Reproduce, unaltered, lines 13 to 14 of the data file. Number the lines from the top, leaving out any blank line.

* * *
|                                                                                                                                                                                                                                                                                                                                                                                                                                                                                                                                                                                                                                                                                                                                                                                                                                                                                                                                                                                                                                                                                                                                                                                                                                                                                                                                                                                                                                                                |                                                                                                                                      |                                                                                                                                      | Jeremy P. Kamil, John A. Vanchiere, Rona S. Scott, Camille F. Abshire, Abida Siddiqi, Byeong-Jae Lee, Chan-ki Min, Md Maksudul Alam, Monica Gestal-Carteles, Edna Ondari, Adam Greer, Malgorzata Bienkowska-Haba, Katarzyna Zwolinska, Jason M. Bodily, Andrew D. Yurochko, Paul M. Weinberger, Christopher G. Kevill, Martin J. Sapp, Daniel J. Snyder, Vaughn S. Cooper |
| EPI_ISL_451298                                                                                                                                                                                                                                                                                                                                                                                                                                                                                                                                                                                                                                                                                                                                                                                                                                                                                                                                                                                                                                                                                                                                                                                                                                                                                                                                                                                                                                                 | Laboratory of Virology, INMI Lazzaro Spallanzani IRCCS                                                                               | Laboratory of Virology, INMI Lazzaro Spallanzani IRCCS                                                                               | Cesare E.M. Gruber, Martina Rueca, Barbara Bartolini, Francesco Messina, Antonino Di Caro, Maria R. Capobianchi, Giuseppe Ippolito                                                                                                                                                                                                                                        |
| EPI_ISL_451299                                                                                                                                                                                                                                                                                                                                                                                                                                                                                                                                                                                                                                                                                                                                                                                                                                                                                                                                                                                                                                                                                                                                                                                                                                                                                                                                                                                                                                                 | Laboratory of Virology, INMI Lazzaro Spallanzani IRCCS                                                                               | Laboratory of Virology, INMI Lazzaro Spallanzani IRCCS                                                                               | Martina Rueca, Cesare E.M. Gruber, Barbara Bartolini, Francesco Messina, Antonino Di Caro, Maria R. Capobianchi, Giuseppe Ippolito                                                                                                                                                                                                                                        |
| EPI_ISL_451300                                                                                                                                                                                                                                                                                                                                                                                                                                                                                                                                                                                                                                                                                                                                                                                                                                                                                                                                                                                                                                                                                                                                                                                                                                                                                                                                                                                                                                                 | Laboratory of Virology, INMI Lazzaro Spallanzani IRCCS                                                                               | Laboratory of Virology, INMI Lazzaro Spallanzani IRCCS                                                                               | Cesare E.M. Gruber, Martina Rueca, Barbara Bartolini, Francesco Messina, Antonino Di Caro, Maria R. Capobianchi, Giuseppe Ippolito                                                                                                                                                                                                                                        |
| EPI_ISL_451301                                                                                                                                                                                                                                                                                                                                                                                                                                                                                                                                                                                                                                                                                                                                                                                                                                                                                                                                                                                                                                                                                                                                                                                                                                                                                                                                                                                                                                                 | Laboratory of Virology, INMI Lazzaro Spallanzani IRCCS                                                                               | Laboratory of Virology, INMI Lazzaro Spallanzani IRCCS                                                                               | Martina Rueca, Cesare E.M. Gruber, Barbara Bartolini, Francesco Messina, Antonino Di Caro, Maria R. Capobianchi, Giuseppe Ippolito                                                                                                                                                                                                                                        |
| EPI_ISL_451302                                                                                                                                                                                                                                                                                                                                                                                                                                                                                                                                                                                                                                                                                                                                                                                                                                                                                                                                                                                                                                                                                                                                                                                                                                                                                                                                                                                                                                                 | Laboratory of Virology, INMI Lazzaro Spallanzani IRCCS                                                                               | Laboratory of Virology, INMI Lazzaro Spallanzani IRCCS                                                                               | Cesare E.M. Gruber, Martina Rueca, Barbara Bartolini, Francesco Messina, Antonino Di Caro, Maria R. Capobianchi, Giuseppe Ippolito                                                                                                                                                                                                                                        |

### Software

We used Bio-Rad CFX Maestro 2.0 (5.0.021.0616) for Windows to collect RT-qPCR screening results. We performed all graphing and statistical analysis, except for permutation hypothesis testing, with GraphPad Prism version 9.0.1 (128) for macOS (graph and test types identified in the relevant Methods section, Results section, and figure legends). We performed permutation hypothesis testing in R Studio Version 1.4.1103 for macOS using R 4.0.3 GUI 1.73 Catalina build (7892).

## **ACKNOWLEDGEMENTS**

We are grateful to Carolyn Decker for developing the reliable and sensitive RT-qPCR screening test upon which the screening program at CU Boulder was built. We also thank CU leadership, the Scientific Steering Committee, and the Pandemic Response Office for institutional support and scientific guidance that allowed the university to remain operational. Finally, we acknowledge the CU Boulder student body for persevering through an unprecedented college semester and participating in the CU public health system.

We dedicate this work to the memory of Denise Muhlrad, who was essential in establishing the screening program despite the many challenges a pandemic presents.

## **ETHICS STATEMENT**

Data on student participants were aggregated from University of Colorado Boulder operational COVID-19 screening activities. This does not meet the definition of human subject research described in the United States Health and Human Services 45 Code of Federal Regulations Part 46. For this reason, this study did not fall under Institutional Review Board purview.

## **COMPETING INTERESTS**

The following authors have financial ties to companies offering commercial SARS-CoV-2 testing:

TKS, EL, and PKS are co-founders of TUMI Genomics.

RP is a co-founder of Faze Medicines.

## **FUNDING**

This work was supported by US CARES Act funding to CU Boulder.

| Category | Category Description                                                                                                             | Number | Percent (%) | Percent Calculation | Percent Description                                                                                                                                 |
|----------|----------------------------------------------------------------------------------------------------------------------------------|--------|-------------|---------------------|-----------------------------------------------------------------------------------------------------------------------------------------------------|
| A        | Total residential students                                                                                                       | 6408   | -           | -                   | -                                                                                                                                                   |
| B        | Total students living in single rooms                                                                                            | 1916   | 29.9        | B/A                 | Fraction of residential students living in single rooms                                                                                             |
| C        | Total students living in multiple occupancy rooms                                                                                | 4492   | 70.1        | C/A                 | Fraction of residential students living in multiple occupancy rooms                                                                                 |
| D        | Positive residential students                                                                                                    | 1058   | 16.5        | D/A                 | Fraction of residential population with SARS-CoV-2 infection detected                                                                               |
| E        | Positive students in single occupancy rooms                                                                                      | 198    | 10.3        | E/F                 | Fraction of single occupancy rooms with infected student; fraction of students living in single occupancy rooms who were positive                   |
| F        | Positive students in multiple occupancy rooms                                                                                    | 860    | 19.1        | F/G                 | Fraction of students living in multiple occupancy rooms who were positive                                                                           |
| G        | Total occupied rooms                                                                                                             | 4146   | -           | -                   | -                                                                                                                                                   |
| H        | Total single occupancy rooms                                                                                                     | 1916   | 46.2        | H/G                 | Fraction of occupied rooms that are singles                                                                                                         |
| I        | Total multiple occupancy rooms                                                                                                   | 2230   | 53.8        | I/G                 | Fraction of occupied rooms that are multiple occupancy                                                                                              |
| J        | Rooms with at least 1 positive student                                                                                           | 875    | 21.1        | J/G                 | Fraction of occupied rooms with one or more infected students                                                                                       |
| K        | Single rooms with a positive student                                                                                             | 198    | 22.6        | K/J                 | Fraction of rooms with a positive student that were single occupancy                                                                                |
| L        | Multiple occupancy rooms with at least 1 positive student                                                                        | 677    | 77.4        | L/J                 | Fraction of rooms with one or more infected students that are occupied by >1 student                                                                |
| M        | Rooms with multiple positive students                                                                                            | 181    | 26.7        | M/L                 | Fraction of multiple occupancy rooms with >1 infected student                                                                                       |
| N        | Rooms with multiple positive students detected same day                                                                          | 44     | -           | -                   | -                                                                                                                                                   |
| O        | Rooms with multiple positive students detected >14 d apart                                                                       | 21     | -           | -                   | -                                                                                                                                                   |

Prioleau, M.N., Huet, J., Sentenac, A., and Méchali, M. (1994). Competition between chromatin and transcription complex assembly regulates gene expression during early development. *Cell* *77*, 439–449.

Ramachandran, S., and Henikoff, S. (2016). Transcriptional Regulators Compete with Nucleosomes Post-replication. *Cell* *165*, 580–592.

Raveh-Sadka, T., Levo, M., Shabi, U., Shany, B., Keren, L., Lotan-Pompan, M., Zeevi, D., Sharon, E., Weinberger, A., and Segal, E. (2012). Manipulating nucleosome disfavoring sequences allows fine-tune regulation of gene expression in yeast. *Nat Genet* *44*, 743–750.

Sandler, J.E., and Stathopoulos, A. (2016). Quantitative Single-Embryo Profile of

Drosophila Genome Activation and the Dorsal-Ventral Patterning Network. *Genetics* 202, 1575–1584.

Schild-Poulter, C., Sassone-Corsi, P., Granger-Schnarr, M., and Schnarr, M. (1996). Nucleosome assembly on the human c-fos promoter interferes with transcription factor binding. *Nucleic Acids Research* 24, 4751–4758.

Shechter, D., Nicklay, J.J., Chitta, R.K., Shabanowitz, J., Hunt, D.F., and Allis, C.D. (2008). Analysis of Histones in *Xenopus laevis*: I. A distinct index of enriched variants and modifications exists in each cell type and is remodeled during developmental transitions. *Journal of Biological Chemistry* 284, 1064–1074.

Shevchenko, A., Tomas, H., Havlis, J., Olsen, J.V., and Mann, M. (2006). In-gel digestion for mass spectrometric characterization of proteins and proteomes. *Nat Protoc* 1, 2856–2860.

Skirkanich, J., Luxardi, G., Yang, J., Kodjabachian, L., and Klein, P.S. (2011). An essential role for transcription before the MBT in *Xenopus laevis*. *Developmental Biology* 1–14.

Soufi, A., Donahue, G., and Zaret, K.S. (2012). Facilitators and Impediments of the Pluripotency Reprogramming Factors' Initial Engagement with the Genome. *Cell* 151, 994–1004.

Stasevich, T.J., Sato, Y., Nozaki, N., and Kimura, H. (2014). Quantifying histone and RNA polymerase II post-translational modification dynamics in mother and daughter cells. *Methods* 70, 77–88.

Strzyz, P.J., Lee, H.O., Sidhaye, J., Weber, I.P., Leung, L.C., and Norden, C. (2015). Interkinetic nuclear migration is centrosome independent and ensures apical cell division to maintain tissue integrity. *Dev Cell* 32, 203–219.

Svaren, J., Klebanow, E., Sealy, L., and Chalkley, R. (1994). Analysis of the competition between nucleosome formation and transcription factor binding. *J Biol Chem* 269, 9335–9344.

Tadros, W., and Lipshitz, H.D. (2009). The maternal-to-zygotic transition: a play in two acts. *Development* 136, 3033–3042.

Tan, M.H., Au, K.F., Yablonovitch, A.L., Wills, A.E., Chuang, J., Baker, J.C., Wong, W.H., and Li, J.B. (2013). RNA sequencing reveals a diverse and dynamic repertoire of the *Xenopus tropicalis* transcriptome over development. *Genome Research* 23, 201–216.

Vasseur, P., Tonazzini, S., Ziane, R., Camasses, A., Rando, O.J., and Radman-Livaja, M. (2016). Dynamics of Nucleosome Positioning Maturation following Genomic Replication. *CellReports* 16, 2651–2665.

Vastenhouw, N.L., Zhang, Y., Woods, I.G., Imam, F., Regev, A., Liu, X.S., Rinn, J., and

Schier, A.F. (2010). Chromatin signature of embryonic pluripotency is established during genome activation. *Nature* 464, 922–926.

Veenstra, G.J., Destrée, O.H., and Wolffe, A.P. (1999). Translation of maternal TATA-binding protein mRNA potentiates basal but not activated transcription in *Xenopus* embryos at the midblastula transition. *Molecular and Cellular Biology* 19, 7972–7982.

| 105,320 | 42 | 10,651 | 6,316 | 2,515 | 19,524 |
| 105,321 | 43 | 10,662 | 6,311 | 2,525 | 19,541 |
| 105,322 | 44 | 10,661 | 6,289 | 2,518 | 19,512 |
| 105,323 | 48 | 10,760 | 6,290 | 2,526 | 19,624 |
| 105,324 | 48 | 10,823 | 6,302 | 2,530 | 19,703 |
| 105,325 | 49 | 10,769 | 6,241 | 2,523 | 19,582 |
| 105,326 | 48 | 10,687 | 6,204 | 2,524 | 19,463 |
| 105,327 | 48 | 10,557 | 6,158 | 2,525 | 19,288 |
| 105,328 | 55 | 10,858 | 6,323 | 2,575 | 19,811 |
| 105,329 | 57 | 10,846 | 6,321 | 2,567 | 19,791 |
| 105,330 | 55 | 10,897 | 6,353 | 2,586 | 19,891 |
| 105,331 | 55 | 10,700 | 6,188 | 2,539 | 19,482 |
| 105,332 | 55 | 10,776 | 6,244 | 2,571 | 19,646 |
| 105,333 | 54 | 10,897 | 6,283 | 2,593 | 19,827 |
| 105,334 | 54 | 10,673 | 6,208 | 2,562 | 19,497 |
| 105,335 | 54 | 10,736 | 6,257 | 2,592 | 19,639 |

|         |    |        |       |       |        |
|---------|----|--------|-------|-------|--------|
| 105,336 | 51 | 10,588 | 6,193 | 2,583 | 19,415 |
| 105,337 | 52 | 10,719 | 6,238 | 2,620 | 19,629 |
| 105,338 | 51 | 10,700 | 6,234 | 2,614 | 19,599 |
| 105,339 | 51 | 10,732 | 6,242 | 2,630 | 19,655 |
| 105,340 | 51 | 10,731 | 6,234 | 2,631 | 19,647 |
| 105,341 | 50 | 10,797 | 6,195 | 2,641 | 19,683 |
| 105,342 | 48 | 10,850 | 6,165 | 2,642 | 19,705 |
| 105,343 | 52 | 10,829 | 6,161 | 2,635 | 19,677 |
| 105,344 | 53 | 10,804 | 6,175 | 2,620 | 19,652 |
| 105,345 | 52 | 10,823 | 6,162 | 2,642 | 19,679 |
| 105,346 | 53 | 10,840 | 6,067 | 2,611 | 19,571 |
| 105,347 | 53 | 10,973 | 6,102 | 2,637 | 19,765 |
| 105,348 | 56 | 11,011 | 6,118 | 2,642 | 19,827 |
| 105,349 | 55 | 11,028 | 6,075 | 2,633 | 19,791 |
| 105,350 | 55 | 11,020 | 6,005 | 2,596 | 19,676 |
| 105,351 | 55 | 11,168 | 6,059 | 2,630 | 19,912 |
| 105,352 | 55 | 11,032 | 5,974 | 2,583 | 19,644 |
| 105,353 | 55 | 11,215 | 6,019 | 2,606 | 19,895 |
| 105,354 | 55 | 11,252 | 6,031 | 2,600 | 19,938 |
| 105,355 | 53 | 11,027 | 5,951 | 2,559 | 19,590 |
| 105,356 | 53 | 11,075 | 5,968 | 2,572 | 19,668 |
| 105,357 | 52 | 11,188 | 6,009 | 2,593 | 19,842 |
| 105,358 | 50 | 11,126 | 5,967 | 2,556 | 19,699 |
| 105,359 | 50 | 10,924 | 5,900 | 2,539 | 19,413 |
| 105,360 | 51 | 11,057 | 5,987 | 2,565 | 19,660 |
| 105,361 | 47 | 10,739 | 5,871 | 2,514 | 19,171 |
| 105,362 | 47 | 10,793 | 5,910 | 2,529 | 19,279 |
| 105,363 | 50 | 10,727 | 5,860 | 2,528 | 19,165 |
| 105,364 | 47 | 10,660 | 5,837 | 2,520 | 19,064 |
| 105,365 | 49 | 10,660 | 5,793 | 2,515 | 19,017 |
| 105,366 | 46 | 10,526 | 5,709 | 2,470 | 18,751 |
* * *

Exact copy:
Data on student participants were aggregated from University of Colorado Boulder operational COVID-19 screening activities. This does not meet the definition of human subject research described in the United States Health and Human Services 45 Code of Federal Regulations Part 46. For this reason, this study did not fall under Institutional Review Board purview.

## **COMPETING INTERESTS**